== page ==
Multibriefs, March 8, 2017, Michael Berens, Wewalthiest Anericans spending more on home improvement


Wealthiest Americans spending more on home improvement


Spending on home improvement has been hovering at record levels for the past two years and is expected to remain strong throughout 2017. Affluent Americans, whose wealth has increased considerably in recent years, account for a substantial portion of the market.


Recent reports of consumer spending in 2016 indicate that, on average, affluent households spent more on home improvement last year than in previous years. Larger expenditures have become more concentrated among the wealthiest households.


Curiously, although home ownership is near an all-time low, spending on home improvement is estimated to have reached $361 billion last year, according to a new report from the Joint Center for Housing Studies at Harvard University (JCHS), up 6 percent from a record high in 2015.


Affluent households (those with annual earnings of $100,000 or more) historically have expended a disproportionate amount of those dollars. "Over the past 20 years," says JCHS, "the top 5 percent of spenders accounted for at least a third — and up to a half — of annual spending."


Surveys show that affluent households tend to spend more on home improvement than on any other discretionary category except purchasing a vehicle.


Among the top five chief leisure activities cited in a recent Ipsos affluent survey were doing home repairs (69 percent), gardening (60 percent) and home decorating (59 percent). Understandably, spending decreased precipitously following the burst of the housing bubble in 2008, but has been on an upward trajectory since 2011.


Data collected by Statista, a web portal devoted to statistical information, reveal that among affluent households in 2016, 10.2 percent spent between $25,000 or more on home improvement, and 4.7 percent spent $50,000 or more. Among those with household incomes of $200,000 or more, those figures jump to 15.1 percent and 7.4 percent, respectively. About 2 percent of affluent households spent $100,000 or more, including 3.6 percent of those with household incomes of $200,000 or more.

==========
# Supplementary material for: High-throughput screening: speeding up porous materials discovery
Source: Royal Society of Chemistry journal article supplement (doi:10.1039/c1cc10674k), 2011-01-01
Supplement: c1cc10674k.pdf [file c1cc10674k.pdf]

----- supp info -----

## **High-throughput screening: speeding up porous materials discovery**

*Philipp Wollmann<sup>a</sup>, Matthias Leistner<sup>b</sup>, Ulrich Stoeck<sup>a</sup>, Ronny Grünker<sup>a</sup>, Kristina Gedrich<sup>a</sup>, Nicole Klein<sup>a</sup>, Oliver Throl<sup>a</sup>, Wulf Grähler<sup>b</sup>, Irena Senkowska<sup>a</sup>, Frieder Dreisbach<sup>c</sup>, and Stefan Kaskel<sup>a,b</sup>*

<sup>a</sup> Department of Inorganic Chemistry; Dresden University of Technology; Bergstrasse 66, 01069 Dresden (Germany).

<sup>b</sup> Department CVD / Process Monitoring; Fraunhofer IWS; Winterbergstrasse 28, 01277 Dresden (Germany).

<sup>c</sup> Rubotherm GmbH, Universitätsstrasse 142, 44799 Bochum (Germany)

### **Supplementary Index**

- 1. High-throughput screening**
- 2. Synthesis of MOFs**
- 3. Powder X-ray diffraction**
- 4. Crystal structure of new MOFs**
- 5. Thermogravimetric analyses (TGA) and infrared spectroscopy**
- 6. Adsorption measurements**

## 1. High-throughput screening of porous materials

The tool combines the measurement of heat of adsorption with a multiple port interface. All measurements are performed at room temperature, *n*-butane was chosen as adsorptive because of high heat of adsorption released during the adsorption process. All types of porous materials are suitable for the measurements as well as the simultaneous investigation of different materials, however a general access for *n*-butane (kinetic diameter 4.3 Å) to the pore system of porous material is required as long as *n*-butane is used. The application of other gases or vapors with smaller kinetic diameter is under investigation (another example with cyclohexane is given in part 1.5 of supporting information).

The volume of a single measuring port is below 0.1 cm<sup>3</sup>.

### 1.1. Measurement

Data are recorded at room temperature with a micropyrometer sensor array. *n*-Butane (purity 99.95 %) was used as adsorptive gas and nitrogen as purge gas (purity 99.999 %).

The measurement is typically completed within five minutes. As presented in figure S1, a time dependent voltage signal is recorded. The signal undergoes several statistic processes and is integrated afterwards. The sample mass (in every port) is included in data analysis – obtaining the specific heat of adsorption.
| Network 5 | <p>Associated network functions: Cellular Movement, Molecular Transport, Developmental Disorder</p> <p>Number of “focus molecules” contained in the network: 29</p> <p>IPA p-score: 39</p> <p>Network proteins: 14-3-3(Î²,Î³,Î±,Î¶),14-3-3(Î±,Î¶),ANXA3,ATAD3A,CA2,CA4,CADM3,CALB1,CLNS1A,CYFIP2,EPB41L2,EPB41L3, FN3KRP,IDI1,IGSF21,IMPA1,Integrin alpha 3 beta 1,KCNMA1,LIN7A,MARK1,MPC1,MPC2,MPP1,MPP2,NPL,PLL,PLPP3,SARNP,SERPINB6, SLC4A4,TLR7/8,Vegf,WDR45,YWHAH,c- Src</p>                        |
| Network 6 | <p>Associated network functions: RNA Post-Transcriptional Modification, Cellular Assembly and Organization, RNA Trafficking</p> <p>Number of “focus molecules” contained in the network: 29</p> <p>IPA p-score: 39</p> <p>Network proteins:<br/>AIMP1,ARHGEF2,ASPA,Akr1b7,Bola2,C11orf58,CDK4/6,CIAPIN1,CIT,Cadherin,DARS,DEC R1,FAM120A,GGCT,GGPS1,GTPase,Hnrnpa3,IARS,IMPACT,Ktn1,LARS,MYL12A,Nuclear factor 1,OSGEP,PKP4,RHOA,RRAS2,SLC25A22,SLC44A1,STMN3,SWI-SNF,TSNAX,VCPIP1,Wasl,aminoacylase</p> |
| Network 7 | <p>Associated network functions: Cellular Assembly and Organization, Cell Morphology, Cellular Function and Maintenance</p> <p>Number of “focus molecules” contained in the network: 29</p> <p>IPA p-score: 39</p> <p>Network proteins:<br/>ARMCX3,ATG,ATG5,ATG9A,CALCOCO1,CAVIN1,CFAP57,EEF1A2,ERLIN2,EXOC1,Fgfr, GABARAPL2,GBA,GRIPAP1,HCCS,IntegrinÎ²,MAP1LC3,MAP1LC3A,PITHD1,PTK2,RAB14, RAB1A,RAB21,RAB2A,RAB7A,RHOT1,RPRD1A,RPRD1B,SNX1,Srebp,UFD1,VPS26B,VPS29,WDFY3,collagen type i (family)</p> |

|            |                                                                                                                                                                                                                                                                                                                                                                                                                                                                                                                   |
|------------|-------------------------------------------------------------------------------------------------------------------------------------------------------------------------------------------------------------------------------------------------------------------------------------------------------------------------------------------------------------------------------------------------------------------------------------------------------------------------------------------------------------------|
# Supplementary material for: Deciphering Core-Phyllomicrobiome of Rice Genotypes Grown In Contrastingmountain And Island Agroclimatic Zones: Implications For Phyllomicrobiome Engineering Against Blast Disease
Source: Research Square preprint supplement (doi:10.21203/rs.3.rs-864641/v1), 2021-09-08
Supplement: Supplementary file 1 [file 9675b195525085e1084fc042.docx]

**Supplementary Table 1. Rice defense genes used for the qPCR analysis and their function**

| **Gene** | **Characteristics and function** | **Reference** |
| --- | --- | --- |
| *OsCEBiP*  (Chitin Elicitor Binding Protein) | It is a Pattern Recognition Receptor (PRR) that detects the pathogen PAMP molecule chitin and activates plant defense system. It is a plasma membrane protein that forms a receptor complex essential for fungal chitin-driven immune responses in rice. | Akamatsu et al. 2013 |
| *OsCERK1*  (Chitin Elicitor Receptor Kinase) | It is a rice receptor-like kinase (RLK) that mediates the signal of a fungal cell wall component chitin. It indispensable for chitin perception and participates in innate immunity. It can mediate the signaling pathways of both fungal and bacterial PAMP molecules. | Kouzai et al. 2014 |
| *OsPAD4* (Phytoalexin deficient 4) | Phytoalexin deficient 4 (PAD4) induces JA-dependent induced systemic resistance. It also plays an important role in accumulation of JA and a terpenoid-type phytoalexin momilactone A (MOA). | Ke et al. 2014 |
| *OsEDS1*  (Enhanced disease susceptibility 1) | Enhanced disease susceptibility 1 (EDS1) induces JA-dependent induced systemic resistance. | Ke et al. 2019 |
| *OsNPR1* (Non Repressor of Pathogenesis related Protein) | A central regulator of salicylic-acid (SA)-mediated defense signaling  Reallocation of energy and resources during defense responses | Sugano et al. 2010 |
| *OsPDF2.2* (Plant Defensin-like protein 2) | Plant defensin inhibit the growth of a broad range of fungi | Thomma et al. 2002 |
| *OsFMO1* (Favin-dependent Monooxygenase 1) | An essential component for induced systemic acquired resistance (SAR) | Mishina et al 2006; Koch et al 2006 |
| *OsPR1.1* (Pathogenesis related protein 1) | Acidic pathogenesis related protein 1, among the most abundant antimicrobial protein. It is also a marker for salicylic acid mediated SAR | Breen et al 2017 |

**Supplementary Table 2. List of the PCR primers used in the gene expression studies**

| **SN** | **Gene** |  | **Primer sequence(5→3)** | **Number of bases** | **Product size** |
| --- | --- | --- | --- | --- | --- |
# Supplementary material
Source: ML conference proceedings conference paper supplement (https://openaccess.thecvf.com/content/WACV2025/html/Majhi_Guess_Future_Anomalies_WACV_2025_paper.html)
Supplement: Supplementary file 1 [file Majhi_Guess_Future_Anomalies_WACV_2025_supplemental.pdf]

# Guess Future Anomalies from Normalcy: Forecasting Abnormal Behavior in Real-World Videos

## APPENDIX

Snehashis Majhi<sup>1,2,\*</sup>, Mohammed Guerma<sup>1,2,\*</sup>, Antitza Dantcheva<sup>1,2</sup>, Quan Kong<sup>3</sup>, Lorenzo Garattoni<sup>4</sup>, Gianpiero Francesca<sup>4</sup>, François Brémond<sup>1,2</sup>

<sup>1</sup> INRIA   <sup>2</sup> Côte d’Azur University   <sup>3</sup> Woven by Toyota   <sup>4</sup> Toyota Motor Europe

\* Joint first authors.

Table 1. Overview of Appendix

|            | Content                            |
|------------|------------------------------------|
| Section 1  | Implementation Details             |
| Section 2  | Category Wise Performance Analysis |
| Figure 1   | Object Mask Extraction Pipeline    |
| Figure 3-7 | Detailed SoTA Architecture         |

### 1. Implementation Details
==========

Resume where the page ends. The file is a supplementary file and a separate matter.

These levels of spending may seem relatively modest when one considers, for example, that nearly one-third (31 percent) of the respondents to Houzz’s 2016 Bathroom Study reported spending $25,000 or more for a bathroom remodel, and more than half (59 percent) of respondents to Houzz’s 2017 Kitchen Study spent $25,000 or more on a kitchen remodel.


It is worth noting, by comparison, the JCHS report states the average owner spending on home improvement in 2015, the year spending reached a record high, was less than $3,000.


As might be expected, spending levels tend to rise rapidly among the very rich. Results of a survey of the wealthiest Americans conducted periodically by the Spectrem Group reveal a decided increase in home improvement expenditures in 2016.


Participants in the study, who have a net worth of $25 million or more, spent "a great deal on home improvement," relative to households in general. "Almost half spent at least $25,000 in the last year on home improvement, and more than 25 percent spent at least $50,000," reports Spectrem. Among respondents to the same survey in 2012, just greater a third (37 percent) spent at least $25,000 on home improvement in the previous 12 months, and just 20 percent spent at least $50,000.


And for the super-rich, the sky’s the limit. A 2012 study of jet owners (with household assets of $50 million or more) conducted by market research firm Hannah Grove found participants, on average, owned two residences each worth $2 million and spent over $500,000 on home improvement.


Of course, there are much fewer of them — about 150,000 according to Spectrem. On the other hand, recent data indicates there are about 31 million affluent households, most with incomes between $100,000 and $149,000 annually. That works out roughly to 500 households for every residential interior designer, which seem like pretty good odds for future business.


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